Friday, January 25, 2008


Following on the heels of the excellent video What You Need to Know about Celiac Disease and the Gluten-Free Diet, University of California Television (UCTV) now offers "Diabetes and the Gastrointestinal Tract," part of a book tie-in series called Taking Control of Your Diabetes.

The commercially supported video, featuring host Dr. Steven Edelman and guest Dr. James Wolosin, offers some basics about the gastrointestinal (GI) system and some GI conditions that are more likely to affect people who have diabetes.

Following a discussion about heartburn, acid reflux, and endoscopies, the conversation moves on to gastroparesis (around the 8:00 mark) and then celiac disease (around the 11:00 mark).

As the video states, people with Type 1 diabetes are more likely than the general population to have celiac disease; the same goes for people with first-degree relatives who have been diagnosed with celiac disease. (Even if you have a different type of diabetes, there's probably about a 1% chance of having undiagnosed celiac disease.)

Around the 14:40 mark there's a segment where a woman with diabetes raves about Whole Foods and talks about how her gastroparesis (delayed gastric emptying) went away after she adopted a gluten-free diet. (Heartburn also can go away after someone with celiac disease goes gluten-free.)

The coverage seems largely sound to me except for Dr. Wolosin's remarks differentiating people with celiac disease who show extreme sensitivity to gluten and people who do not show symptoms, saying that some people in the latter group can cheat a little bit on their diets every once in a while. Basically, almost all people with celiac disease who follow a gluten-free diet are likely to be accidentally contaminated every now and then (see my own confession, for instance), so it's probably not a great idea to compound the problem by giving patients a license to cheat intentionally, especially when damage to the body (such as bones and the intestines) can occur long before being noticed through symptoms. Cheating on the diet every now and then, like smoking every now and then, isn't likely to kill anyone, but it's still not the kind of thing I like to hear a doctor advocating.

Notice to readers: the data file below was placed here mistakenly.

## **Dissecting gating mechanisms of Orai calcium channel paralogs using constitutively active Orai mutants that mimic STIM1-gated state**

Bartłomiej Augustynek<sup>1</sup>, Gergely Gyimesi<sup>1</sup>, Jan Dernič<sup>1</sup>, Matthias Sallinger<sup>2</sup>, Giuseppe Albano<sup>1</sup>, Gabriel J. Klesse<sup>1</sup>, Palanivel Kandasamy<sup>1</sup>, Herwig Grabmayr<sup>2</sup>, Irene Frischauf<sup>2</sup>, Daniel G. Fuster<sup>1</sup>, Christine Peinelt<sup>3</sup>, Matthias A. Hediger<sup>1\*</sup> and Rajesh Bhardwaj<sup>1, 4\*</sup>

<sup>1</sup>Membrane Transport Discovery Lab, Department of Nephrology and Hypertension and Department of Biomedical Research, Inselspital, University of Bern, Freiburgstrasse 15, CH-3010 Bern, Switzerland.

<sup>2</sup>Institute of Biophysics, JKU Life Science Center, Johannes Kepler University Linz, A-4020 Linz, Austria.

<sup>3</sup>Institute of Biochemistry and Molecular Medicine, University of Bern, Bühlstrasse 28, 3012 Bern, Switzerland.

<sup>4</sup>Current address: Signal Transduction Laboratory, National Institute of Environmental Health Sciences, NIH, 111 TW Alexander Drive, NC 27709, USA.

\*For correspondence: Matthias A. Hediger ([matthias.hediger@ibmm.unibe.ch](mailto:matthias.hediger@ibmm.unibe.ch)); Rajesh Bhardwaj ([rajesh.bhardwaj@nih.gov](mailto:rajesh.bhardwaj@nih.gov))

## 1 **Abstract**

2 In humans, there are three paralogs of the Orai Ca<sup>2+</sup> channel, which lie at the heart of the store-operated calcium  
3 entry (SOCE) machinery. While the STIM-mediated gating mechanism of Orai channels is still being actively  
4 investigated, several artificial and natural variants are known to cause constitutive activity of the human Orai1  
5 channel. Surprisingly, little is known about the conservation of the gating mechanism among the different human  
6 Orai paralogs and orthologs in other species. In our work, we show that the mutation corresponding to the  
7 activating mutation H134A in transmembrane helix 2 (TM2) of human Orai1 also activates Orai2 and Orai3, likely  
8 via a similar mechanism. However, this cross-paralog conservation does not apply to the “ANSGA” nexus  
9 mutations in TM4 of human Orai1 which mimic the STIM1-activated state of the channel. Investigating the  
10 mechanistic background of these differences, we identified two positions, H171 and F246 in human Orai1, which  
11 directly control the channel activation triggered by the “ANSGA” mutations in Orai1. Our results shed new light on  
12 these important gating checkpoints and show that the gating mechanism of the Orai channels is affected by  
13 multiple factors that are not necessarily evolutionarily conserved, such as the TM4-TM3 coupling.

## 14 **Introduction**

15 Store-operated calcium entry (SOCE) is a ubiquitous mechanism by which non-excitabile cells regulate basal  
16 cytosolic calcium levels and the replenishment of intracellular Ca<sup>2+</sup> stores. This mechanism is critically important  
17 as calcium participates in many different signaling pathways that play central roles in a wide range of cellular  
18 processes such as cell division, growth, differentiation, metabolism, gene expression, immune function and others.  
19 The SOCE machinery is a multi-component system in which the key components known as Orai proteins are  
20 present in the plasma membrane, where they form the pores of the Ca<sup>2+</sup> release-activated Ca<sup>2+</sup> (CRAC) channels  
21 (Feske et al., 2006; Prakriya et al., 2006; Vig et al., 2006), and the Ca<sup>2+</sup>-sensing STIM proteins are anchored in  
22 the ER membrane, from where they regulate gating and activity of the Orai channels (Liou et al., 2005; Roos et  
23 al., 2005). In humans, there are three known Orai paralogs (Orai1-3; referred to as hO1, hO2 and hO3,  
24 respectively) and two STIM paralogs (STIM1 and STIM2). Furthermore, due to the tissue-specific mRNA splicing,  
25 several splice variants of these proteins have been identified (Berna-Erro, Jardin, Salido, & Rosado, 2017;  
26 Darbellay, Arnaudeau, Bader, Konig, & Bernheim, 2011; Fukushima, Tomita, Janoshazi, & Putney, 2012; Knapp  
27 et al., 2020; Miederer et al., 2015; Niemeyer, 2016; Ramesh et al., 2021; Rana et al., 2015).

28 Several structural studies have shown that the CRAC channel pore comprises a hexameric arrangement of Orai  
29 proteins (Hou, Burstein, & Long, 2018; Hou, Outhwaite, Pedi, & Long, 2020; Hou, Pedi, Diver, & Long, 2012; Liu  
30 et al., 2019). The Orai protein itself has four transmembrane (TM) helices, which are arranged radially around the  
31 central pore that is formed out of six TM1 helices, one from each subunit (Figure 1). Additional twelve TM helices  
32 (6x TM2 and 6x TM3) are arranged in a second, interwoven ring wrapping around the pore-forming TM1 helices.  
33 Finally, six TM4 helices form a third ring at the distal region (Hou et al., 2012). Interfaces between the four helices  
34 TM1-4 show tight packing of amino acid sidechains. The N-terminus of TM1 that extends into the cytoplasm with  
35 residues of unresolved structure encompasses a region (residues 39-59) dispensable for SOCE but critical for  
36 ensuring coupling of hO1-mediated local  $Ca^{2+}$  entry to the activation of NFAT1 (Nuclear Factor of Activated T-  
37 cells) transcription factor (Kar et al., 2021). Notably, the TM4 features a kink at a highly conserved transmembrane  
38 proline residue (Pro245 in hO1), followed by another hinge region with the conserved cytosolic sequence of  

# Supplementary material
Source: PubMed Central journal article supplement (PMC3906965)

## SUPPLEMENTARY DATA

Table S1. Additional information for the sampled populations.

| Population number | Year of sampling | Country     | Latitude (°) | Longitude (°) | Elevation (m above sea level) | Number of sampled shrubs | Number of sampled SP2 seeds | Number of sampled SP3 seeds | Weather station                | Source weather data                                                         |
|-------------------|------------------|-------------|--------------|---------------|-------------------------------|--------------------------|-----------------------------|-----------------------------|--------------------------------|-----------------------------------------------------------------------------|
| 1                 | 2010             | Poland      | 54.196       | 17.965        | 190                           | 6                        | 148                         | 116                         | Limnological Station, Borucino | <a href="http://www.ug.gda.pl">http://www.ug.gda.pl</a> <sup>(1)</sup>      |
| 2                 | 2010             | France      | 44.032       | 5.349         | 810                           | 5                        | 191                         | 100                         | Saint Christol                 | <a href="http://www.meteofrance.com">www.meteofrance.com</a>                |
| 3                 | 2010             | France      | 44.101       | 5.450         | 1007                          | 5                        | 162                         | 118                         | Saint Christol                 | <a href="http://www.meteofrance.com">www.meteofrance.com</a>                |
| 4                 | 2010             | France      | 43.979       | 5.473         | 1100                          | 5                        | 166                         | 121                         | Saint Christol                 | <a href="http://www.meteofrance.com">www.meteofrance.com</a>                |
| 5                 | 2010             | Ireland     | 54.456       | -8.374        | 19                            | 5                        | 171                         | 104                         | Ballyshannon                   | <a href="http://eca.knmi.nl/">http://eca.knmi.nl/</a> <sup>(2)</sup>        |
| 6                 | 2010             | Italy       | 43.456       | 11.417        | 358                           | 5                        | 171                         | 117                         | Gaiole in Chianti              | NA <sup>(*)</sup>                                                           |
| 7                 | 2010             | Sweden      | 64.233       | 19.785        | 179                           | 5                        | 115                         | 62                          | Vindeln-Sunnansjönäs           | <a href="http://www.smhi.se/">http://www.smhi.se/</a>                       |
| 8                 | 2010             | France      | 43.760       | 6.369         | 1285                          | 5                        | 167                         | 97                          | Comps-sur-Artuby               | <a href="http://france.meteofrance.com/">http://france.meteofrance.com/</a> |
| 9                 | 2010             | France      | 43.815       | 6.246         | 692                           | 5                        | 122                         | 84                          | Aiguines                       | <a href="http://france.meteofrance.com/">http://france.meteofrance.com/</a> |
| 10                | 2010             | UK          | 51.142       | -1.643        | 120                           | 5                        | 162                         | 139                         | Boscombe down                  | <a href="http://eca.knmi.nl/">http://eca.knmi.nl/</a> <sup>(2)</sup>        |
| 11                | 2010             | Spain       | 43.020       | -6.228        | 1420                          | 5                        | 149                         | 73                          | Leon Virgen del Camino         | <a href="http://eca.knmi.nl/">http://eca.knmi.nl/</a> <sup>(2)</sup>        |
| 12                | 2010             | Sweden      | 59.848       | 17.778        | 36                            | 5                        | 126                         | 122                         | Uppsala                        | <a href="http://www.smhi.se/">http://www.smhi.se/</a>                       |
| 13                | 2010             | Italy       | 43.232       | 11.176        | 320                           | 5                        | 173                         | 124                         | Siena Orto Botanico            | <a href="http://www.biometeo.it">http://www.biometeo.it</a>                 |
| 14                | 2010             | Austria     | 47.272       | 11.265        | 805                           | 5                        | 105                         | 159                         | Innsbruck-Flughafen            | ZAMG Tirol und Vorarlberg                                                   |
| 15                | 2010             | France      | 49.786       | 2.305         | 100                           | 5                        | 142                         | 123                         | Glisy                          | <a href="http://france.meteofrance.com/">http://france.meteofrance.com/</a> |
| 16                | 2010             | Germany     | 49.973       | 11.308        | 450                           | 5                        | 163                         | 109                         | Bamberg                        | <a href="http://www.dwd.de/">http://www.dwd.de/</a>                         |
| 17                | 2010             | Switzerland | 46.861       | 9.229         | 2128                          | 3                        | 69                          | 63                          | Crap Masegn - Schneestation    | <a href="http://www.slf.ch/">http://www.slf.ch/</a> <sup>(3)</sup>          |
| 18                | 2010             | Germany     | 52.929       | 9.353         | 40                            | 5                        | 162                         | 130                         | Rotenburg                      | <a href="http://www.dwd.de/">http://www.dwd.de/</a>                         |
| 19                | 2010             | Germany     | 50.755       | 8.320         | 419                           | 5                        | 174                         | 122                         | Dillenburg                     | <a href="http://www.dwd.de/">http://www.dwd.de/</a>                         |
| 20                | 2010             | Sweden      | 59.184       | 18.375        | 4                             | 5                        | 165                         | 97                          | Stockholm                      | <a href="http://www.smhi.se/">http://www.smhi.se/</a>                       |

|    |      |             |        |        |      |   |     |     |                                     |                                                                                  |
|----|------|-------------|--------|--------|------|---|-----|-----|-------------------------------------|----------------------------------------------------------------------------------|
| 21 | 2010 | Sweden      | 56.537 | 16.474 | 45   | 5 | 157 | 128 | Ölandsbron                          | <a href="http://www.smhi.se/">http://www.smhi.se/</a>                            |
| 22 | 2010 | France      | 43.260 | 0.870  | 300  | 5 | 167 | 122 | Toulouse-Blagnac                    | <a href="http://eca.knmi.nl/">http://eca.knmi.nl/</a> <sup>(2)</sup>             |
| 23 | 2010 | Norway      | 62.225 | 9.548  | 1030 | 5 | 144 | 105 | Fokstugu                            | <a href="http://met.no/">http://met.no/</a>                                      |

As the video continues, the doctors also discuss ulcers, fatty liver, and colon cancer screening. The video ends with a summary.

Source (28:29)

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